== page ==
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Thread: Complex Analysis Residue question

  1. #1
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    Complex Analysis Residue question

    if f has a zero of order 2 at z0 and A=f''(z0) and B=f'''(z0) and h(z)=1/f(z), how does one find a formula for Res(h;z0) in terms of A and B?
    thanks!
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  2. #2
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    Quote Originally Posted by morganfor View Post
    if f has a zero of order 2 at z0 and A=f''(z0) and B=f'''(z0) and h(z)=1/f(z), how does one find a formula for Res(h;z0) in terms of A and B?
    thanks!
    Just expand them in terms of Laurent series:

    $\displaystyle \frac{g(z)}{h(z)}=\frac{b_2}{(z-z_0)^2}+\frac{b_1}{(z-z_0)}+\cdots$

    $\displaystyle h(z)=\frac{h''(z_0)}{2}(z-z_0)^2+\frac{h'''(z_0)}{6}(z-z_0)^2$

    Therefore $\displaystyle g(z)=h(z)\left[\frac{b_2}{(z-z_0)^2}+\cdots \right]$

    Multiply it out, take derivatives, equate coefficients and solve for $\displaystyle b_1$

    I'd recommend you find "Basic Complex Analysis" by Marsden and Hoffman. It's a nice read on basic stuff and it goes over this derivation.
    Last edited by mr fantastic; Jun 4th 2009 at 08:26 PM. Reason: Fixed a couple of subscripts
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  3. #3
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    You could try the following:


    $\displaystyle Res[h,z_{0}] = \lim_{z \to z_{0}} \frac {d}{dz} (z-z_{0})^{2} h(z) $

    $\displaystyle = \lim_{z \to z_{0}} \frac {d}{dz} (z-z_{0})^{2} \frac {1}{f(z)} $

    then using the product rule

    $\displaystyle = \lim_{z \to z_{0}} \Big(2(z-z_{0}) \frac {1}{f(z)} + (z-z_{0})^{2} \frac {-1}{[f(z)]^2} f'(z) \Big) $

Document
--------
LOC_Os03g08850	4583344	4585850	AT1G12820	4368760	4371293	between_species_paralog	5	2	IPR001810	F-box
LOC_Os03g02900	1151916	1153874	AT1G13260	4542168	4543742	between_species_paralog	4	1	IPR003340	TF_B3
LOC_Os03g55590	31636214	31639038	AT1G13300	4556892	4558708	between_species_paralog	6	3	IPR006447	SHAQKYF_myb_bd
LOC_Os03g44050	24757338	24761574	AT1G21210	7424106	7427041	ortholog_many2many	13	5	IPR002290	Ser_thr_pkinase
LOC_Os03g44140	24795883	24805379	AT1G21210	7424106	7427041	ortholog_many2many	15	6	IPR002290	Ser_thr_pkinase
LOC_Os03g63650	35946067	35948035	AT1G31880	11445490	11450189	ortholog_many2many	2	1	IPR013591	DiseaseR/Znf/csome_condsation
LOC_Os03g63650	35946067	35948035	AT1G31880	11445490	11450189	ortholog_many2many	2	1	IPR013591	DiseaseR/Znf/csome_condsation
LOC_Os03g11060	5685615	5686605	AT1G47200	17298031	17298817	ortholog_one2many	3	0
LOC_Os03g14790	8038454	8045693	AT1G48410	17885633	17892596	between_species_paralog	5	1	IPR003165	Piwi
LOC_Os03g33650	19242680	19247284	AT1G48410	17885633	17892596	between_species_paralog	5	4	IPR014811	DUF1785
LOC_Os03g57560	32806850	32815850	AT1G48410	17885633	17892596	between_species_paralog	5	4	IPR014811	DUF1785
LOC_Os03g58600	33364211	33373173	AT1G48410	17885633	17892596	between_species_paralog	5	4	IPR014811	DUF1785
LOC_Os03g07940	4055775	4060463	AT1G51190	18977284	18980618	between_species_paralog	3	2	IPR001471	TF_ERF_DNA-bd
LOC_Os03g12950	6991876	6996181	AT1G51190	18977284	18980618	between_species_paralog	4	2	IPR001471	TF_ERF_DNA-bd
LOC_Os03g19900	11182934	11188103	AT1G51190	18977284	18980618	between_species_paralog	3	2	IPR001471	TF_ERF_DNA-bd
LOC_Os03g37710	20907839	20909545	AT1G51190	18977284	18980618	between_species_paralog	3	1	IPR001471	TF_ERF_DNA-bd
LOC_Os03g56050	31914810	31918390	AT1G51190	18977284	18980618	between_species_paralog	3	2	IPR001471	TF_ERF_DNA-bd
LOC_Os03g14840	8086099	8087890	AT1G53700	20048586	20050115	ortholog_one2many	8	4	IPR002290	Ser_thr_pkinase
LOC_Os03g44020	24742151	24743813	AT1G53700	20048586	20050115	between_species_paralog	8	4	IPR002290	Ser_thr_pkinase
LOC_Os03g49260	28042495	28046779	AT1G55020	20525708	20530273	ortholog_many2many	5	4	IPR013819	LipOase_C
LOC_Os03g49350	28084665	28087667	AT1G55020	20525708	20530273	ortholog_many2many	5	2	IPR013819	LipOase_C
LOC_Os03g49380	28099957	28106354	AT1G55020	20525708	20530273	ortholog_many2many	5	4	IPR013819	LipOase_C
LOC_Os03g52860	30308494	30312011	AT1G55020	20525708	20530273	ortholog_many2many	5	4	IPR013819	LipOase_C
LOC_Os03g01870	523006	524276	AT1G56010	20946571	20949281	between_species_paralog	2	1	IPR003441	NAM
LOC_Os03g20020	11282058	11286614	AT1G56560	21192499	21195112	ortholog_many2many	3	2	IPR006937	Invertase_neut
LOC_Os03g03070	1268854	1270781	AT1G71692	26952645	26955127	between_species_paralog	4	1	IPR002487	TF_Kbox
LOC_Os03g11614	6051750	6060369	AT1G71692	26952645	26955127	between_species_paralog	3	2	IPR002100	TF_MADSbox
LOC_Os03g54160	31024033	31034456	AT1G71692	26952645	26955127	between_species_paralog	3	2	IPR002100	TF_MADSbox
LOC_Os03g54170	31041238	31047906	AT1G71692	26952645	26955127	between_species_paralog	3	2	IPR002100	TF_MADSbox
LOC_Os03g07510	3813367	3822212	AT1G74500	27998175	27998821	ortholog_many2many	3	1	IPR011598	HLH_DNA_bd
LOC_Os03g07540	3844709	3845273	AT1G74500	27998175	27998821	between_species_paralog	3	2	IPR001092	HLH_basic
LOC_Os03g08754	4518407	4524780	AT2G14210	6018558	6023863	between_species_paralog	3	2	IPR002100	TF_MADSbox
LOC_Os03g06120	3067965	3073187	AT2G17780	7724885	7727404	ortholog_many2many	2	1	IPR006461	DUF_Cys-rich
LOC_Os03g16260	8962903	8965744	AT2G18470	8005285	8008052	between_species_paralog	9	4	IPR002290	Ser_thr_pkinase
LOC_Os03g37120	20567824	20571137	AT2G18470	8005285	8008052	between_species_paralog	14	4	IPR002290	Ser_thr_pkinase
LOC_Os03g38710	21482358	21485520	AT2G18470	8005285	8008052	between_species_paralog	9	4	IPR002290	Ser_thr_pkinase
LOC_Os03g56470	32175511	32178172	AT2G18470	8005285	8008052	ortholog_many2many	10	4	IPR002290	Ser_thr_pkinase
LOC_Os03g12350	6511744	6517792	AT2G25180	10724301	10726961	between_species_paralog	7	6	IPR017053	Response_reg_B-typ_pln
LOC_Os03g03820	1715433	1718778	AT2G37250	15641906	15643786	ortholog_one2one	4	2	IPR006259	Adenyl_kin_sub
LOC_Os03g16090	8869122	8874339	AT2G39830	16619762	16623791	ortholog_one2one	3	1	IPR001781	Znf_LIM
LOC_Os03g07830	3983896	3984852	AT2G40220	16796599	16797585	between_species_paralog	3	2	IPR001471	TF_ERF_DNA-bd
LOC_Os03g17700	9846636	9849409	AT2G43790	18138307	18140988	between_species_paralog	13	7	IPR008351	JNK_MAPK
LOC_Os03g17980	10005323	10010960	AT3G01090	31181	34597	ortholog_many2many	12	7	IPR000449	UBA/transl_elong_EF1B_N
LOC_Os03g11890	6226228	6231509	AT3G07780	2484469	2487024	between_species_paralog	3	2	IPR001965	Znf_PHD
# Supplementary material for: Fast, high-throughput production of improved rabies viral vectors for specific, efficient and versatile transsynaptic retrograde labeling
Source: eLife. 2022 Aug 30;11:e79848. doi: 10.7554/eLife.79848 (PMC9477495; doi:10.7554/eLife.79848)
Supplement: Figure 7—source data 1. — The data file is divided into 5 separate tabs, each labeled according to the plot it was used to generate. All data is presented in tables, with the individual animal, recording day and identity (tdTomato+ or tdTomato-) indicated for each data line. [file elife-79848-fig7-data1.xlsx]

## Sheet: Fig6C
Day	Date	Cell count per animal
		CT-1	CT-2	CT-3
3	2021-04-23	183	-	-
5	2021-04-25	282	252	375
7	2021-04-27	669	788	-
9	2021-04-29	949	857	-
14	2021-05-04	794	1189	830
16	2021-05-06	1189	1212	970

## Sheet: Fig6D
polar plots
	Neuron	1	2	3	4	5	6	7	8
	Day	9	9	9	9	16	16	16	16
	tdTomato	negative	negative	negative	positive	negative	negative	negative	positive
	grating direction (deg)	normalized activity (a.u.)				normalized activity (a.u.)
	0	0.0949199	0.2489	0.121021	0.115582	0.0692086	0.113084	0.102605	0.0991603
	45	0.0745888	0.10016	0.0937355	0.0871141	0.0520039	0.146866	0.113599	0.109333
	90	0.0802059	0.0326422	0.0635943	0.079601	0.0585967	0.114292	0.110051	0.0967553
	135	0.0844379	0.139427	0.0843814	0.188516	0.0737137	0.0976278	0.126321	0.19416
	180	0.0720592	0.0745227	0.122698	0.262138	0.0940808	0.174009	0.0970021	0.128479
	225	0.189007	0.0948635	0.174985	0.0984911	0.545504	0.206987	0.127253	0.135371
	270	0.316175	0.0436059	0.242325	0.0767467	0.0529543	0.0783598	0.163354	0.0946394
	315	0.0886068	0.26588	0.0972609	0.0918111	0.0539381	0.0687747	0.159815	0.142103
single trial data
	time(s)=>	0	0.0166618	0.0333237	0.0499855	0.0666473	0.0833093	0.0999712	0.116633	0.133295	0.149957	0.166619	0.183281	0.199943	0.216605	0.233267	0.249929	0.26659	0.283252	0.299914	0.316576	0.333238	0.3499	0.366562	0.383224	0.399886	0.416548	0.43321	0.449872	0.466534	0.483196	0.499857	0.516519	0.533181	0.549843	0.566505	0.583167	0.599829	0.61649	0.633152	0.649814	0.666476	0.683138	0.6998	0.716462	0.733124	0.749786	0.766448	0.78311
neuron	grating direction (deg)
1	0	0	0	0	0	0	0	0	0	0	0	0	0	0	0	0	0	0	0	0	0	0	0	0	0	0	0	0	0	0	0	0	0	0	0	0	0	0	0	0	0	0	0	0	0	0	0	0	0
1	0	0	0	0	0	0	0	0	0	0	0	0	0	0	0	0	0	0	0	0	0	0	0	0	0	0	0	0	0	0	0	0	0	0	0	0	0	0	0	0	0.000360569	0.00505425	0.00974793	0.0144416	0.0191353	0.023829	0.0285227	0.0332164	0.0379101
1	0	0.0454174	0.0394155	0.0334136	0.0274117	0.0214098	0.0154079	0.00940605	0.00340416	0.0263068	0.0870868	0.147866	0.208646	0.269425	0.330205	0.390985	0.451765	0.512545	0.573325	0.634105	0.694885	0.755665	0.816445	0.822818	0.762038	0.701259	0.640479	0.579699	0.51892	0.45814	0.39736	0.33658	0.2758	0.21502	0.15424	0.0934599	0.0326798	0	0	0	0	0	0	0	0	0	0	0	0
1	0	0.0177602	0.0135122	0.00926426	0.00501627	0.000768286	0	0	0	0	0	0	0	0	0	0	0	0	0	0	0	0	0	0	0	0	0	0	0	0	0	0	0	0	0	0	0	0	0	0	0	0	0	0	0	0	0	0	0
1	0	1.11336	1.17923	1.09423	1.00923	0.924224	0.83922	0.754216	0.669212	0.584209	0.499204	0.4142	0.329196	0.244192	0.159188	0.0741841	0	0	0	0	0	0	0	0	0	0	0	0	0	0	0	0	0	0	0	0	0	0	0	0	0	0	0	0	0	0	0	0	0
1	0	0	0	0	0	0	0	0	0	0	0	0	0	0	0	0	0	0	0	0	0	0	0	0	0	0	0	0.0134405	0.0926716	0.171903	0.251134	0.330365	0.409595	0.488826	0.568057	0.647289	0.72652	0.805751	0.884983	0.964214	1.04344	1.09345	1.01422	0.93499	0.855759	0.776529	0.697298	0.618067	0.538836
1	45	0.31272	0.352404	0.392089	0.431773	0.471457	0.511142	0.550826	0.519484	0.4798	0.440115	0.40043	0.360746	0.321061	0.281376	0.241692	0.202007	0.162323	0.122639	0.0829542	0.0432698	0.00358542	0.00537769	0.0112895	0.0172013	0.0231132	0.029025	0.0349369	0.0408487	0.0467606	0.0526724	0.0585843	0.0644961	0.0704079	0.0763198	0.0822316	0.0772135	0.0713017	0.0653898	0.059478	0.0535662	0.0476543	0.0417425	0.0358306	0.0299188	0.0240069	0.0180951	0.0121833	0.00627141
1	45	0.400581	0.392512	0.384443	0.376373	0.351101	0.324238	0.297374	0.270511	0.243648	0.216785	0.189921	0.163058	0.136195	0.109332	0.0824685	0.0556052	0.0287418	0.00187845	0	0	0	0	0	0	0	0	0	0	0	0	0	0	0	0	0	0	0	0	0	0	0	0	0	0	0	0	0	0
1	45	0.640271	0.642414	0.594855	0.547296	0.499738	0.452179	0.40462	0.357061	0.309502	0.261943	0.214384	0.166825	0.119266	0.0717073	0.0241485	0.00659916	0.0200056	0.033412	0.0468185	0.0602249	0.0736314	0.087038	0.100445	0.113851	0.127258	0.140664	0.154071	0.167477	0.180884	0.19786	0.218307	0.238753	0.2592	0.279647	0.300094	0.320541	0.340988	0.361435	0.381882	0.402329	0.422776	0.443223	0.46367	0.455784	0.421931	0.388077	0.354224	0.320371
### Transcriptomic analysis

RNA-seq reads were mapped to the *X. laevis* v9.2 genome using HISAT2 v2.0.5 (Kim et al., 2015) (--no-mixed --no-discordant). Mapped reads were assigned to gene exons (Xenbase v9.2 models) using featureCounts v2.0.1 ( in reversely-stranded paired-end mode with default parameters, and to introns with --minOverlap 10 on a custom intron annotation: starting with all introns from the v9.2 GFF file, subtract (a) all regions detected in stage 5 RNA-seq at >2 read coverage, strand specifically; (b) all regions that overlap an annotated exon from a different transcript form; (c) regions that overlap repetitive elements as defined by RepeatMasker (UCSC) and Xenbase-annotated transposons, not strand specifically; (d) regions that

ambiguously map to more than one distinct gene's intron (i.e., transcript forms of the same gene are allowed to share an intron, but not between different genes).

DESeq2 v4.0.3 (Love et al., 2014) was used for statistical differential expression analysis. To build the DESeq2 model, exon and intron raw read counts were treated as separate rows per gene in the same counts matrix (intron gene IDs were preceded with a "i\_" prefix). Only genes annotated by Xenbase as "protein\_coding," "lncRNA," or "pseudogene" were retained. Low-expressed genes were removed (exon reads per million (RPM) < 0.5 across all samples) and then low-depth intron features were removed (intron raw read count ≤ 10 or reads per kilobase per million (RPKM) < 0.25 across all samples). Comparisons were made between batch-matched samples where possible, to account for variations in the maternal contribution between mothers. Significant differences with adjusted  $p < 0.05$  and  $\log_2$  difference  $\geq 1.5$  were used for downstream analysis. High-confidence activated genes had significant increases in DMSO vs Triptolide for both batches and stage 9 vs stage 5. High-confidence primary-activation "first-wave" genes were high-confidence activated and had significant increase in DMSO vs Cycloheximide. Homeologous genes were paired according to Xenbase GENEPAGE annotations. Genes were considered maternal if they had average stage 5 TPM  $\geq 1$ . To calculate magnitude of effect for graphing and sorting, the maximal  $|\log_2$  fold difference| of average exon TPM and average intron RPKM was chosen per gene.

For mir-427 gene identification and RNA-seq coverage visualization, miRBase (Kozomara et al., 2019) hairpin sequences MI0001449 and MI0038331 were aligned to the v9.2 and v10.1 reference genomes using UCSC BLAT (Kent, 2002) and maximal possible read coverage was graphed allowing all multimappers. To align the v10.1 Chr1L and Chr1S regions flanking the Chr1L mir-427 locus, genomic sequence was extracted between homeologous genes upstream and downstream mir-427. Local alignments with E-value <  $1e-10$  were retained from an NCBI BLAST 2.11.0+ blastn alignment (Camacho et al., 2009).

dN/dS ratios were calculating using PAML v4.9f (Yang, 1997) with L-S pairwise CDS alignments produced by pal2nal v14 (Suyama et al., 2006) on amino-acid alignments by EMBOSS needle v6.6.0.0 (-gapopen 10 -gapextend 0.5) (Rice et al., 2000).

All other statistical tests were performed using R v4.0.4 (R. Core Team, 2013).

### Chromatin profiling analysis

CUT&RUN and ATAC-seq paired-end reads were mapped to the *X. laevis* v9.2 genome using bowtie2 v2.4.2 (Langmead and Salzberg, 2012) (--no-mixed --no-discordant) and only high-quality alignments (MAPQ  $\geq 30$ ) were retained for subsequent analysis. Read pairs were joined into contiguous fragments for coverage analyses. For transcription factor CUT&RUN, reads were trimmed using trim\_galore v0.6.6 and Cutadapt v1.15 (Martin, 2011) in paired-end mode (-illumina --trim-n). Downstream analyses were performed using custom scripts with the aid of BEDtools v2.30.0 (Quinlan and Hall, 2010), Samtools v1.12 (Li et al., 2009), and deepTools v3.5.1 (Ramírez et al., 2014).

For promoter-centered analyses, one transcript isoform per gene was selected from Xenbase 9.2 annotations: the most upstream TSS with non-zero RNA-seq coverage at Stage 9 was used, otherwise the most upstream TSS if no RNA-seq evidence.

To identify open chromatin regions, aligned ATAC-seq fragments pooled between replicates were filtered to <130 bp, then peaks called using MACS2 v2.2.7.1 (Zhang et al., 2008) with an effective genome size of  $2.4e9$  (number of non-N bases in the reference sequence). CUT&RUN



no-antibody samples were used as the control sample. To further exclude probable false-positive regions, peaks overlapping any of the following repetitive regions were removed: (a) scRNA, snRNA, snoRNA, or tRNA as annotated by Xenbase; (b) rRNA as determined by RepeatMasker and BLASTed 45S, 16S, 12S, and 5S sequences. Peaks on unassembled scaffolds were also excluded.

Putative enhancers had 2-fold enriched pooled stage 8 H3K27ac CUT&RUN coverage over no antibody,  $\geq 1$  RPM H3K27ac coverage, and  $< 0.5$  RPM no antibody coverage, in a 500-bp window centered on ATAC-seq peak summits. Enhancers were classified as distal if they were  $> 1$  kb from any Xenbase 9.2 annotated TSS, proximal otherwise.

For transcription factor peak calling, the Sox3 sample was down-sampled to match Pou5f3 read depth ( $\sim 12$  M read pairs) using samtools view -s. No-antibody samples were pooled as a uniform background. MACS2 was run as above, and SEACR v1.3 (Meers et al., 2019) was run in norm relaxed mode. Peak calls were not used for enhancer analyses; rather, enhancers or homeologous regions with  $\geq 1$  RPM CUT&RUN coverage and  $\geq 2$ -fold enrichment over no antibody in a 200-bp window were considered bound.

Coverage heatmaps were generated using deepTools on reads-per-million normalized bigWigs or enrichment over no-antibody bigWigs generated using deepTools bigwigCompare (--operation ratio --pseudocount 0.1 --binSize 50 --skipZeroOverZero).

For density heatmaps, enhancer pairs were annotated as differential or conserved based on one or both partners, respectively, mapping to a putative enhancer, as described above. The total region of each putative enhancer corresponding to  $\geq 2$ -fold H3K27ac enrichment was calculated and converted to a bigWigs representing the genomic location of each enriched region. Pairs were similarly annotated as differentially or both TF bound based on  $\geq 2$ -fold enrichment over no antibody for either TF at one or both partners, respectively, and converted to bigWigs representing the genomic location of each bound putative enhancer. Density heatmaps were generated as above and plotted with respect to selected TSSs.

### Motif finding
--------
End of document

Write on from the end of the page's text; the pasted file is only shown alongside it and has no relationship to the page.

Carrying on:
And then since the forms of both terms are indeterminate, apply L'Hospital's rule. But multiple applications will be required.
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  4. #4
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    Thank you!
    Shawsend, I'm just confused about where the g(z) came from and what it is - do you mean f(z)?
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  5. #5
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    Quote Originally Posted by shawsend View Post
    Just expand them in terms of Laurent series:

    $\displaystyle \frac{g(z)}{h(z)}=\frac{b_2}{(z-z_0)^2}+\frac{b_1}{(z-z_0)}+\cdots$

    $\displaystyle h(z)=\frac{h''(z_0)}{2}(z-z_0)^2+\frac{h'''(z_0)}{6}(z-z_0)^2$

    Therefore $\displaystyle g(z)=h(z)\left[\frac{b_2}{(z-z_0)^2}+\cdots \right]$

    Multiply it out, take derivatives, equate coefficients and solve for $\displaystyle b_1$

    I'd recommend you find "Basic Complex Analysis" by Marsden and Hoffman. It's a nice read on basic stuff and it goes over this derivation.
    I'm sorry my $\displaystyle h(z)$ conflicts with your $\displaystyle h(z)$. Mine was just general terms. You have:
    $\displaystyle \frac{1}{f(z)}=\frac{b_2}{(z-z_0)^2}+\frac{b_1}{z-z_0}+a_0+\cdots$
    and:
    $\displaystyle f(z)=\frac{f''(z_0)}{2}(z-z_0)^2+\frac{f'''(z_0)}{6}(z-z0)^3+\cdots$